The Senate’s ruling coalition of Republicans and Independent Democrats is pushing legislation — a version of which was vetoed once before by Gov. David Paterson — that would add small businesses owned by service-connected disabled veterans to the list of those who receive preference on state contracts.
The so-called NY Jobs for Heroes Program is sponsored by Republican Sen. Greg Ball, a graduate of the U.S. Air Force Academy, and in the Assembly by Democrat Felix Ortiz, who served in the Army.
Just last week in his State of the State, Gov. Andrew Cuomo expressed support for the idea, if not the bill specifically, when in his State of the State he set a goal of awarding 5 percent of state contracts to businesses owned by disabled veterans.
If it passes, New York would become the 45th state to have such a program.
“We call ourselves the Empire State, and we’re maybe going to be 45th?” said state Sen. Bill Larkin, an Orange County Republican and Troy native who served in combat in both World War II and the Korean War. “We’re not talking about people who are begging for something.”
Ball, a Putnam County Republican, said the bill will live up to its commitment to provide opportunities for the increasingly small segment of the population that shoulders the burden in an all-volunteer military — many more of whom are coming home from battle alive, thanks to advances in armor and medical care, but also seriously disabled.
“Ninety-five percent of those that sustain an injury on the battlefield live to make it home, and we do a very good job in this country of getting men and women to raise that right hand … and say that I am willing to fight and die for the United States of America. But we do not do a great job either as a state or as a nation in transitioning those men and women back into the workforce,” Ball said. “This is the most important piece of legislation that this Senate, this Legislature will pass and this gov can sign to actually make sure that we employ veterans in the state of New York, not only as truck drivers, not selling trinkets at the local carnival — but meaningful employment.”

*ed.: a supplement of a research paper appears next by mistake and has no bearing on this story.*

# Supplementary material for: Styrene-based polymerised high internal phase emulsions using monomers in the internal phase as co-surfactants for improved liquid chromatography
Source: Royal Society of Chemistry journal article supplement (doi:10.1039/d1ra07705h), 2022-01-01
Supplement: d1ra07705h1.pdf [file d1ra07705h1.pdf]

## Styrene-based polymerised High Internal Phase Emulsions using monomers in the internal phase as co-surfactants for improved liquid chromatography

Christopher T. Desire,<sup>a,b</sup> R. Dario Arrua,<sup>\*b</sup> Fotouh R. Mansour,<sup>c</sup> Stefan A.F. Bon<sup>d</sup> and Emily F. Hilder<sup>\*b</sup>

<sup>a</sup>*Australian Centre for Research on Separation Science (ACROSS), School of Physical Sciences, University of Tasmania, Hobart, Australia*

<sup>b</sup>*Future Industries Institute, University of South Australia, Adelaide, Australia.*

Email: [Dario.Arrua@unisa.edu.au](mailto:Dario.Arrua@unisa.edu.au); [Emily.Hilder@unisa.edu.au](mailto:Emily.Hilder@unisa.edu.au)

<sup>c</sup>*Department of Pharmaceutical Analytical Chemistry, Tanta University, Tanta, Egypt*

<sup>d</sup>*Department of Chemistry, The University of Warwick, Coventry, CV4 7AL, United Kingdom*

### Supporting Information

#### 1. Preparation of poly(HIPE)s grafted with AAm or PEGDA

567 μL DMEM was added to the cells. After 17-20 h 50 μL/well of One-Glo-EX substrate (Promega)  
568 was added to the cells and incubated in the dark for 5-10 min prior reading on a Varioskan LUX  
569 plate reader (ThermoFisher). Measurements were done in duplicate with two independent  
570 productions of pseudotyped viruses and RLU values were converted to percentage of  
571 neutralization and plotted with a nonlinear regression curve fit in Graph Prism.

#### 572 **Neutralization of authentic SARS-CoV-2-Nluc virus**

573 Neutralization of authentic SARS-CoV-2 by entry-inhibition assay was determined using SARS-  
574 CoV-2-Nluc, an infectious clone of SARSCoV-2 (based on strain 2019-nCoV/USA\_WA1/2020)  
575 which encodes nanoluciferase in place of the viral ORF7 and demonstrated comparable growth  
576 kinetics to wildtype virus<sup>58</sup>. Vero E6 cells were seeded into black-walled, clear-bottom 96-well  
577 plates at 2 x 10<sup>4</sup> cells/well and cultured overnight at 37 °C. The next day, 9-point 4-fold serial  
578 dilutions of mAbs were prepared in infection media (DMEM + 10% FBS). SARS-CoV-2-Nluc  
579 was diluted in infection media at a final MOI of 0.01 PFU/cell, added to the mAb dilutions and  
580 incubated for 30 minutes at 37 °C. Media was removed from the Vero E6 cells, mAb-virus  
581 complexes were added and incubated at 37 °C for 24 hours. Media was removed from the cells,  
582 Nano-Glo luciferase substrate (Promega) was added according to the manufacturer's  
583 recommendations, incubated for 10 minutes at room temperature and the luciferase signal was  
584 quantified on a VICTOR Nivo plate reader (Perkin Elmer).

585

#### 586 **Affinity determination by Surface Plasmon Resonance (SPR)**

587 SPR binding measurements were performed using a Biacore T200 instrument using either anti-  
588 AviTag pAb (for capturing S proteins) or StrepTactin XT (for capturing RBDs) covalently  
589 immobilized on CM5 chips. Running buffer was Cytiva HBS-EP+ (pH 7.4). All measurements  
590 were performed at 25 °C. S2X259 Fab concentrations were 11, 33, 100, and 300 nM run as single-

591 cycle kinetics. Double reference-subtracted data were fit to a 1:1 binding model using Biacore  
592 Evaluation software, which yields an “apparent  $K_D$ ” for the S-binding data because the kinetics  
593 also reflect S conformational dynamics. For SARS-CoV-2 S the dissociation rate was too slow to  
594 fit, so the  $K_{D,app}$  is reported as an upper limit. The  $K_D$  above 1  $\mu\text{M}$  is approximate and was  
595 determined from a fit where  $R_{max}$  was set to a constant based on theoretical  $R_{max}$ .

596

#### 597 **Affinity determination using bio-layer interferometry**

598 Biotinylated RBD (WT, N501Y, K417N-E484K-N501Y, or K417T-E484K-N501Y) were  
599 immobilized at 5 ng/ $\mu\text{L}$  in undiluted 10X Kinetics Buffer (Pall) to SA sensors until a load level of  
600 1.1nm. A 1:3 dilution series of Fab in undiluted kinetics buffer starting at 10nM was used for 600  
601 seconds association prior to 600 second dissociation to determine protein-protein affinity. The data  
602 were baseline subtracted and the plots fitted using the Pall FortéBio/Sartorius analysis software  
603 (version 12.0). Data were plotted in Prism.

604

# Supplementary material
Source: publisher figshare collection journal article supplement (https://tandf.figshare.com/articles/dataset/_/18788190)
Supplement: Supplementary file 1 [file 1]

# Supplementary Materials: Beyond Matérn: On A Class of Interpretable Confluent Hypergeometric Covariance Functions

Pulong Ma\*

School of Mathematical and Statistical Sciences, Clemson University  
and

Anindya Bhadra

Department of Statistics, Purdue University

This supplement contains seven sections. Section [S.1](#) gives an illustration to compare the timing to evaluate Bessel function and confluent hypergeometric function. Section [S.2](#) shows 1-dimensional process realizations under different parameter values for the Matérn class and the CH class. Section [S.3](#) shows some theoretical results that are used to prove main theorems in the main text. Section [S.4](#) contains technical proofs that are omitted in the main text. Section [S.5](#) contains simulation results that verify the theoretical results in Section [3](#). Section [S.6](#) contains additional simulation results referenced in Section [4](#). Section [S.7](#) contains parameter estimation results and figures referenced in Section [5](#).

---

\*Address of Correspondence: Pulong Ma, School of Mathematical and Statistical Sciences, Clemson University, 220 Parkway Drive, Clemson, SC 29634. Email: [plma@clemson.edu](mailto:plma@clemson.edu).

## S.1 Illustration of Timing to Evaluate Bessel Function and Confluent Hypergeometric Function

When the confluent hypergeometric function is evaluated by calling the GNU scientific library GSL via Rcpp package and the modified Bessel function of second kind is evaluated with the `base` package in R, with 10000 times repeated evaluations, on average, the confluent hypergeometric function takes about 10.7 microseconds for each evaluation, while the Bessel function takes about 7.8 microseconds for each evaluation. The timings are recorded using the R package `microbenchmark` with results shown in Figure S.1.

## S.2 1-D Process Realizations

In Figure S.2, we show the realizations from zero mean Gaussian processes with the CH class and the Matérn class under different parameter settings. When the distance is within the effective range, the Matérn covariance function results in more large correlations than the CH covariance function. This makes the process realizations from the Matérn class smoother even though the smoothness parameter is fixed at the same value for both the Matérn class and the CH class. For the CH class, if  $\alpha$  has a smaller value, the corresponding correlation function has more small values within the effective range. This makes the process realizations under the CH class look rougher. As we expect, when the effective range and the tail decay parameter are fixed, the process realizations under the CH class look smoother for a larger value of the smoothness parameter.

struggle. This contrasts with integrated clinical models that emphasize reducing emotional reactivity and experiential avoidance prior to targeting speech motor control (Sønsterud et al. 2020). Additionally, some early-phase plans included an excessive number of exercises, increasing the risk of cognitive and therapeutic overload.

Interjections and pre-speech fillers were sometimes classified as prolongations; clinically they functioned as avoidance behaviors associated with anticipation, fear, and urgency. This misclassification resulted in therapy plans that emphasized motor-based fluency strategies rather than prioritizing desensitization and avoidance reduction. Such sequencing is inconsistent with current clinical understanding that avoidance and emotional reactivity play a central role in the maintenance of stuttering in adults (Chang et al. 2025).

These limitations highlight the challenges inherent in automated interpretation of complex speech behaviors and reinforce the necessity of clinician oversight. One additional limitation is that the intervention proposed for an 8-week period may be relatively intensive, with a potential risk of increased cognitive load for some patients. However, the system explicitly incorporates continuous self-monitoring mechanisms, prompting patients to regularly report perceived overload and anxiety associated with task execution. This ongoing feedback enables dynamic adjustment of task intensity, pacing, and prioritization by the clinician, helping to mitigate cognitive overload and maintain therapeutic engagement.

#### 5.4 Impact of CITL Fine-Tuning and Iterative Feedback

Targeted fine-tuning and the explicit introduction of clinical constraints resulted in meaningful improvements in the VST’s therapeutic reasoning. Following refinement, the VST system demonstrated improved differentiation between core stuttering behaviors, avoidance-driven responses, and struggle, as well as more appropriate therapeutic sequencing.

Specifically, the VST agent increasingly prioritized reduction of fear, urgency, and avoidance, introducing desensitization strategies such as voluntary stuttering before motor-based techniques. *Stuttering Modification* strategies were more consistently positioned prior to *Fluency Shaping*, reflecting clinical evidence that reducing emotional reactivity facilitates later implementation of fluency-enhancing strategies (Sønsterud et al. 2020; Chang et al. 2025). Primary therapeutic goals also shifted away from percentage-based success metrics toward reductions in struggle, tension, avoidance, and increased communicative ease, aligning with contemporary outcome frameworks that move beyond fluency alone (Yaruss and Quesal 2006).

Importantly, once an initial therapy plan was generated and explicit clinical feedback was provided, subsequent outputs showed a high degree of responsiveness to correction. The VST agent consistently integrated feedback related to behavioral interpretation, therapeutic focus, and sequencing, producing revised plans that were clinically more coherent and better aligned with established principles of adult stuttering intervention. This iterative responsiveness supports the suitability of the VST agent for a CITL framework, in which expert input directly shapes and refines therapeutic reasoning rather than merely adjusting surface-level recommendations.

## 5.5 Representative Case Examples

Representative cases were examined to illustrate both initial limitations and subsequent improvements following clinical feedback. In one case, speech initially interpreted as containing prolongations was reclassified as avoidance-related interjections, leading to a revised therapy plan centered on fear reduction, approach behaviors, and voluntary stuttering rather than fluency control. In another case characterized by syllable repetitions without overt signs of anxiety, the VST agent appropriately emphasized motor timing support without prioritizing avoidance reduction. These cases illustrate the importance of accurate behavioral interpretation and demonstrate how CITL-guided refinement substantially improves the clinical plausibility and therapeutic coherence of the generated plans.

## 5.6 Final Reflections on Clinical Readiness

Ball said the provisions that had prompted Paterson’s veto had been fixed — though he would not say what they were.
Matt Kuskie, a 2001 West Point graduate who served in Iraq and later became a judge advocate lawyer, described his difficulty finding work in the financial services industry after being medically retired from the Army — until he found Drexel Hamilton, a firm founded by a service-disabled veteran.
“As all of you know we’re at a crisis point right now in the United States with veteran suicide. Getting guys to work, giving them meaningful lives after they take the uniform on goes a long way to helping people put the past behind them,” Kuskie said. “Our economy is at a size now, it’s matured to the point that no one would miss us if we disappeared, so then there’s the moral question: These guys did something for your country, what can we do for them now?
Kuskie continued: “Since Vietnam, the Army has invested heavily in educating its NCO and officer corps. These are very capable people. When you’re trying to break into an industry that you haven’t worked in before, someone receives your resume, they say, ‘Well this is an investment bank. I see you were an infantryman. I don’t know what to use you for, maybe. Or what are you good for? … It turns out that an infantry sniper from the 82nd Airborne Division makes a pretty good bond trader.” (ARTICLE)